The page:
Health

Published on March 9th, 2018

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Prevagen Memory Study Falls Short

In 2011, four years after launching Prevagen, Wisconsin-based Quincy Bioscience embarked on a study to prove that the active ingredient in the supplement — apoaequorin — improves memory. It did not yield the results Quincy was hoping for. In fact, the Madison Memory Study failed to show a statistically significant improvement in the treatment group over the placebo group — scientist speak for Prevagen wasn’t any better than a placebo at improving memory.

But rather than pack it in and start afresh with a new study, like a high school biology student whose hypothesis has been proven wrong but who still needs an A to pass the class, Quincy concocted new, less reliable ways to look at the completed study. It instructed its team of researchers to scour the data in hopes of finding something — anything — that might support its hypothesis that Prevagen improves memory. This resulted in more than 30 “post hoc” analyses, which in turn yielded two overlapping subgroups whose members displayed cognitive test results that Quincy apparently deemed favorable to its aims. These would serve as the basis for claims that Prevagen “improves memory.”

It’s the kind of substantiation for a health-related claim that would rarely hold up in court. Yet that’s exactly what it did last September when a district court dismissed the FTC and New York attorney general’s case against Quincy on the grounds that the post hoc analyses of the two subgroups, while so far removed from the initial hypothesis of the study as to render them misleading, provided sufficient support for Prevagen’s memory-improvement claims.

This week, TINA.org joined with AARP and its charitable arm, AARP Foundation, as well as the National Consumers League and a group of advertising law academics in filing a legal brief in support of reversing the dismissal. In the brief, TINA.org and its partners argue that the district court erred in its interpretation of post hoc analyses as competent and reliable scientific evidence — the legal standard for substantiation when it comes to making health claims.

The brief states:

In direct contradiction to the Court’s reasoning, post hoc analyses are not part of prospective, double-blind, clinical trials; they are separate retrospective analyses of trial data performed after the study has concluded to try to find patterns that were not primary objectives of the study.

The brief goes on to explain the dangers in that:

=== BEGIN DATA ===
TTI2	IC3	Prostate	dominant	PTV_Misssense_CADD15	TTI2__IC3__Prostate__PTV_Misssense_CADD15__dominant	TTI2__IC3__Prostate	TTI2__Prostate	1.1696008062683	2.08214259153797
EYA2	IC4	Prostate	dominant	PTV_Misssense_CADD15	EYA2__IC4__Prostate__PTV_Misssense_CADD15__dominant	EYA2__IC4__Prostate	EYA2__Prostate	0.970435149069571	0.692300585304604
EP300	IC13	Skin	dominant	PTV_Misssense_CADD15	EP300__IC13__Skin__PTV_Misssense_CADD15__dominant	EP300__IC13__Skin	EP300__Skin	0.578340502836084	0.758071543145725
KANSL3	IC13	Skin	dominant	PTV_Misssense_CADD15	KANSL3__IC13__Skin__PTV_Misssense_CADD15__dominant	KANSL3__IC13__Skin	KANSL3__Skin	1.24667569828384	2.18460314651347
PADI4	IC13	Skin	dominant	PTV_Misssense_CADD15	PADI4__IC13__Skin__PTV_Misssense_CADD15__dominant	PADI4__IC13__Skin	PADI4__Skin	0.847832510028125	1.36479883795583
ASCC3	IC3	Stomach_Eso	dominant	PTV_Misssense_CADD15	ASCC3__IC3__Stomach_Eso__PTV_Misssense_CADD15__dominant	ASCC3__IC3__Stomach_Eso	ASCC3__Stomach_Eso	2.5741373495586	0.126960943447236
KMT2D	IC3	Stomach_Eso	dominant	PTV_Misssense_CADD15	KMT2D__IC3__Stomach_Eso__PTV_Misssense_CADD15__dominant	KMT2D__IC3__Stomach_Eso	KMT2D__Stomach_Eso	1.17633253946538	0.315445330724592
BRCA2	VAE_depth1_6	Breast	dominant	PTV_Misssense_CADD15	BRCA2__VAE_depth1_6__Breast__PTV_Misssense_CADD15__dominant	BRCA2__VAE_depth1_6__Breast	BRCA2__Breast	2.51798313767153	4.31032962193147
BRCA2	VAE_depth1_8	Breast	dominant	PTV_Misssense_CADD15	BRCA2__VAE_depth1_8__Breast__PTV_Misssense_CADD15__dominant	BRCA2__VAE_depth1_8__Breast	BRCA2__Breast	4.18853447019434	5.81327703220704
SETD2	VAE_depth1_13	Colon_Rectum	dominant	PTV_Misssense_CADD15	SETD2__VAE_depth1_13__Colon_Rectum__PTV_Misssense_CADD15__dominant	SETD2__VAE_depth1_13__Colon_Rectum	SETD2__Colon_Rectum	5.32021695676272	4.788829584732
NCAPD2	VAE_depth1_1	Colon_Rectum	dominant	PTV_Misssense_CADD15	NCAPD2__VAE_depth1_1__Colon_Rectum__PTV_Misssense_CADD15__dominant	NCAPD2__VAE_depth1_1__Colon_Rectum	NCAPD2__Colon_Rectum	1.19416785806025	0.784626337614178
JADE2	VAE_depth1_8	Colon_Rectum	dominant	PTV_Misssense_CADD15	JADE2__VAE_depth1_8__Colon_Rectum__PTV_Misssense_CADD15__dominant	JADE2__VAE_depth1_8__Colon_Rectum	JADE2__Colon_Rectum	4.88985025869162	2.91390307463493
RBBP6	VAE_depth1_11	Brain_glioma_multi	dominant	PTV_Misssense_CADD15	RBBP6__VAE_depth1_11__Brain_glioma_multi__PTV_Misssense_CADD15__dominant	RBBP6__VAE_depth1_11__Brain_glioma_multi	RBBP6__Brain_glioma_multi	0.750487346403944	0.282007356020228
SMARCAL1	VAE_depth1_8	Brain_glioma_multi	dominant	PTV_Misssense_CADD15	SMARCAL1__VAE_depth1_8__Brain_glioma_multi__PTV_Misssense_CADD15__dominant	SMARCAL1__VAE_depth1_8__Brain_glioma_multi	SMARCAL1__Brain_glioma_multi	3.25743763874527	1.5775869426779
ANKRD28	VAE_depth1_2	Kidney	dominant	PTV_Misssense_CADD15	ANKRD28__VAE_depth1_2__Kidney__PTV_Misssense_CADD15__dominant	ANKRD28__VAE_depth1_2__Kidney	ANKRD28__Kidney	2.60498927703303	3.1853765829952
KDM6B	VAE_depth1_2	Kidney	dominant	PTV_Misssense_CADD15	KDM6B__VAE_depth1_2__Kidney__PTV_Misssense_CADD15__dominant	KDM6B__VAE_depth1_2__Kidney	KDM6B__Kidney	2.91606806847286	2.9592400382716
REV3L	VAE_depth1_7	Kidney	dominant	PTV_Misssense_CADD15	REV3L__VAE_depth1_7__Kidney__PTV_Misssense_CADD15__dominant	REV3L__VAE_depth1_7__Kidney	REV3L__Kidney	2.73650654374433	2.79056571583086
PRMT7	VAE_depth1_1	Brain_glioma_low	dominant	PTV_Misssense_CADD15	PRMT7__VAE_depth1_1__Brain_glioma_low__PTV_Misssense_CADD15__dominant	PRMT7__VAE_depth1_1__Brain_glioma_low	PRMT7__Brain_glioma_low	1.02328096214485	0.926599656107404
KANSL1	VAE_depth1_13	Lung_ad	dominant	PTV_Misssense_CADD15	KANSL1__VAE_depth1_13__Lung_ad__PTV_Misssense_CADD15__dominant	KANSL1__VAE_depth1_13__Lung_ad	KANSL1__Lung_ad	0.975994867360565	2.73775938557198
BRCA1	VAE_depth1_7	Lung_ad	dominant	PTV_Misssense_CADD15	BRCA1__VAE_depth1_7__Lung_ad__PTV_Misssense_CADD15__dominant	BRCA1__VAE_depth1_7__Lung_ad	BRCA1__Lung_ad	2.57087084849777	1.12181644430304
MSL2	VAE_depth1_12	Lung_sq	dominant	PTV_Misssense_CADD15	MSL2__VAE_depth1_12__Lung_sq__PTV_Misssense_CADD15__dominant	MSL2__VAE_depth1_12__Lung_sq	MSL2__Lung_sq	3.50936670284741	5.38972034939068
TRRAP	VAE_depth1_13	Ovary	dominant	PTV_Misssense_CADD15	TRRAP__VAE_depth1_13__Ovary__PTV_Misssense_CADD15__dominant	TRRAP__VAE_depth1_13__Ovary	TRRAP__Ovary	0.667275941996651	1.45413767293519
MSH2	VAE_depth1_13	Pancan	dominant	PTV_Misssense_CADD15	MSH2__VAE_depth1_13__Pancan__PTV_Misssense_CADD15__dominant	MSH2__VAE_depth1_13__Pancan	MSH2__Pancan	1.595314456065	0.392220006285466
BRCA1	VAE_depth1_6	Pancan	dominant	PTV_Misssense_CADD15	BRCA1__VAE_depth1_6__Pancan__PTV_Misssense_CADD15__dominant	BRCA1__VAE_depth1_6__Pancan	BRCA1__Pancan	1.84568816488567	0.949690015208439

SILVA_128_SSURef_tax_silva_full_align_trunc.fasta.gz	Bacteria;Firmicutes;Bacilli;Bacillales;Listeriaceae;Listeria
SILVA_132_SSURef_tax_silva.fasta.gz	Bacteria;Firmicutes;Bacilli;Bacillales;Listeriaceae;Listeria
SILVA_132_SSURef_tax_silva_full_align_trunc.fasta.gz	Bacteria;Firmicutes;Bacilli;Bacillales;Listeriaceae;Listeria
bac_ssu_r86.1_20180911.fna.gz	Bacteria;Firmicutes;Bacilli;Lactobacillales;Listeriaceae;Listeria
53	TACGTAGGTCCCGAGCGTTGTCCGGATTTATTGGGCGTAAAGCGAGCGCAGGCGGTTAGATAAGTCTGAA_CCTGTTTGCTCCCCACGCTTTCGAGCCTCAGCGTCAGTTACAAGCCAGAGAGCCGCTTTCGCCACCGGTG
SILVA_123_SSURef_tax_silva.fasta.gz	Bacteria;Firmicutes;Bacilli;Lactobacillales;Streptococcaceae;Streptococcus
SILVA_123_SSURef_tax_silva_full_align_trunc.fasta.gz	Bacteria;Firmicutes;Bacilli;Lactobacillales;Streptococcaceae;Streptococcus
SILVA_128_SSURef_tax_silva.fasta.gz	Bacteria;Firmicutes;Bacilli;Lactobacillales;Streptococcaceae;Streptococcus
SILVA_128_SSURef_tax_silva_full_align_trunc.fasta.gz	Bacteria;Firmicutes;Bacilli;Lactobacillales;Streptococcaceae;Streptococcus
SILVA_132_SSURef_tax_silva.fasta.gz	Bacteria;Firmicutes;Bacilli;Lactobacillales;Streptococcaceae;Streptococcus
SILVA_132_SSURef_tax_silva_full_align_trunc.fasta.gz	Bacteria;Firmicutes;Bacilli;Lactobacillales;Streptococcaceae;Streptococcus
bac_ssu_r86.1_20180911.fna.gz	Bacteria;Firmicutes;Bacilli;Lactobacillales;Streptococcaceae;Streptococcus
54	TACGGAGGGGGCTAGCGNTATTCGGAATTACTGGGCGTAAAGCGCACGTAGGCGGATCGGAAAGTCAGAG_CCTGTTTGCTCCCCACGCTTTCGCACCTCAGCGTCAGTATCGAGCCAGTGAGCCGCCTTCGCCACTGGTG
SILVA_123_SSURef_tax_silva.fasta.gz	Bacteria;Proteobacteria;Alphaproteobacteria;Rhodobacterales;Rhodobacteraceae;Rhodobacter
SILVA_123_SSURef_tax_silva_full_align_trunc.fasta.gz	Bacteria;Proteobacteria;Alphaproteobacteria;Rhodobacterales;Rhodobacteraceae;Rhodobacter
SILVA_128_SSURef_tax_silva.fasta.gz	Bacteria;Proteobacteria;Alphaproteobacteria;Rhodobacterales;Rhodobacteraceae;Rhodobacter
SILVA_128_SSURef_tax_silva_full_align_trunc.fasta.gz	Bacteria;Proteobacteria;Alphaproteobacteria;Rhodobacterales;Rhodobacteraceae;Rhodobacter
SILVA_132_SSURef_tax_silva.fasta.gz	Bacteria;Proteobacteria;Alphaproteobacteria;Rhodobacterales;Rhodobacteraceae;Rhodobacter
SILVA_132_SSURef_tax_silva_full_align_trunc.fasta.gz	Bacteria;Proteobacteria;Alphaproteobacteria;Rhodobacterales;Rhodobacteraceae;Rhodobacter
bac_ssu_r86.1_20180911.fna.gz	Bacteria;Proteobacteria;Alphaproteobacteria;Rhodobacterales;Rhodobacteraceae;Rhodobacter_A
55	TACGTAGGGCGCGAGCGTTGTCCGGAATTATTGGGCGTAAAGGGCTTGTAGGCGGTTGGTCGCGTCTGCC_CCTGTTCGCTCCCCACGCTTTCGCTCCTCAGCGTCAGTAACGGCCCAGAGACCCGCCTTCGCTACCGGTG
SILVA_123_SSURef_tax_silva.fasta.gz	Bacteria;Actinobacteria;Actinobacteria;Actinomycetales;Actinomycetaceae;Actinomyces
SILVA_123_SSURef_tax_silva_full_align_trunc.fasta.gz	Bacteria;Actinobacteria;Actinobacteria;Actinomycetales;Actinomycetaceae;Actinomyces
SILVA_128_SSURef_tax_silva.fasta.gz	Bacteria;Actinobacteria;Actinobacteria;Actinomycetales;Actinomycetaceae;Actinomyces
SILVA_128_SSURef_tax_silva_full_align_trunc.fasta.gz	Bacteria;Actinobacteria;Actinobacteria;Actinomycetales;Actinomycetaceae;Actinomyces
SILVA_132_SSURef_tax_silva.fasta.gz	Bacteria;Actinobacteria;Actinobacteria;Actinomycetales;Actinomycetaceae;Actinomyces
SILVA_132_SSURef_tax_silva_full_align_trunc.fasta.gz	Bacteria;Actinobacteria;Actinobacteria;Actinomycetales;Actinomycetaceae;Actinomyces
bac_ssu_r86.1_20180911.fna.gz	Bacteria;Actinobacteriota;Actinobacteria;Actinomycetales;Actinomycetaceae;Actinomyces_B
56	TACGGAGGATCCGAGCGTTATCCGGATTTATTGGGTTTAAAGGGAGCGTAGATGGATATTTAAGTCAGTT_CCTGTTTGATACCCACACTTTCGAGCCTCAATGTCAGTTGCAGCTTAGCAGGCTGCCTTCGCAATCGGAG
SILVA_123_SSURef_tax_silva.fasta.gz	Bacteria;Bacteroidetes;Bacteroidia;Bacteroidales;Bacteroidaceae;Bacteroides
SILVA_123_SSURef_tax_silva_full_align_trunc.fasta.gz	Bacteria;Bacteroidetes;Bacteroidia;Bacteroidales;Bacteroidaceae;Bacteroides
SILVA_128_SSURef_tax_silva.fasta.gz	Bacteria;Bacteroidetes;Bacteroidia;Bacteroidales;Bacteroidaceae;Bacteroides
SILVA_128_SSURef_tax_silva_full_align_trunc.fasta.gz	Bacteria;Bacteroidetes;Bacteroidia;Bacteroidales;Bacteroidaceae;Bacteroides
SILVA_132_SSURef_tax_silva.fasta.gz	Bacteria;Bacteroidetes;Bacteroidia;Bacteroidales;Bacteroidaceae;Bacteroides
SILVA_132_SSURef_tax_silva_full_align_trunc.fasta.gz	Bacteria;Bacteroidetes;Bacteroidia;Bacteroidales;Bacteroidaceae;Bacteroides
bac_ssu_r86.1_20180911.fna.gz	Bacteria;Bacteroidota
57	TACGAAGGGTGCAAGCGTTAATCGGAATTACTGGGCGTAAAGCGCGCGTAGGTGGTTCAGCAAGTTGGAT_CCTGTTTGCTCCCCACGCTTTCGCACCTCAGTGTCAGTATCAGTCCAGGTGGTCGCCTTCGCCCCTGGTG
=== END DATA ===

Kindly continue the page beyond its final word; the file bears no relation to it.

Once the study results are sliced and diced in multiple overlapping ways (in a practice known as data dredging or P-hacking, wherein P is a measurement of statistical probability), the researchers have decreased their sample sizes and simultaneously increased the chances of getting a false positive.

Indeed, in the two subgroups that Quincy claims are proof that Prevagen actually improves memory, only one computerized assessment with purported positive results — a task that measured “visual learning” — was shared across both groups. The brief refers to this as “a classic case of elevating likely false positives to the status of a proven claim.”

The FTC and attorney general’s lawsuit was sparked by a 2015 TINA.org investigation into the deceptive marketing of Prevagen and subsequent complaint to the federal agency. At the time, the market for dietary supplements and products aimed specifically at brain health was valued at $2.3 billion, as more than one in three people over the age of 70 suffer from a form of memory loss. These are the people that Quincy targets with its unsubstantiated memory-improvement claims for Prevagen, sales of which totaled $165 million as of mid-2015. It is a fiction that must be stopped. The brief concludes:

If a federal district court was misled by Quincy’s marketing and proffered substantiation, what hope is there for the millions of aging Americans concerned about memory loss and cognitive decline to accurately differentiate scientific facts from Quincy’s fiction?

The FTC and New York attorney general are appealing the decision, arguing the case was improperly dismissed.

Find more about TINA.org’s investigation into Prevagen here.

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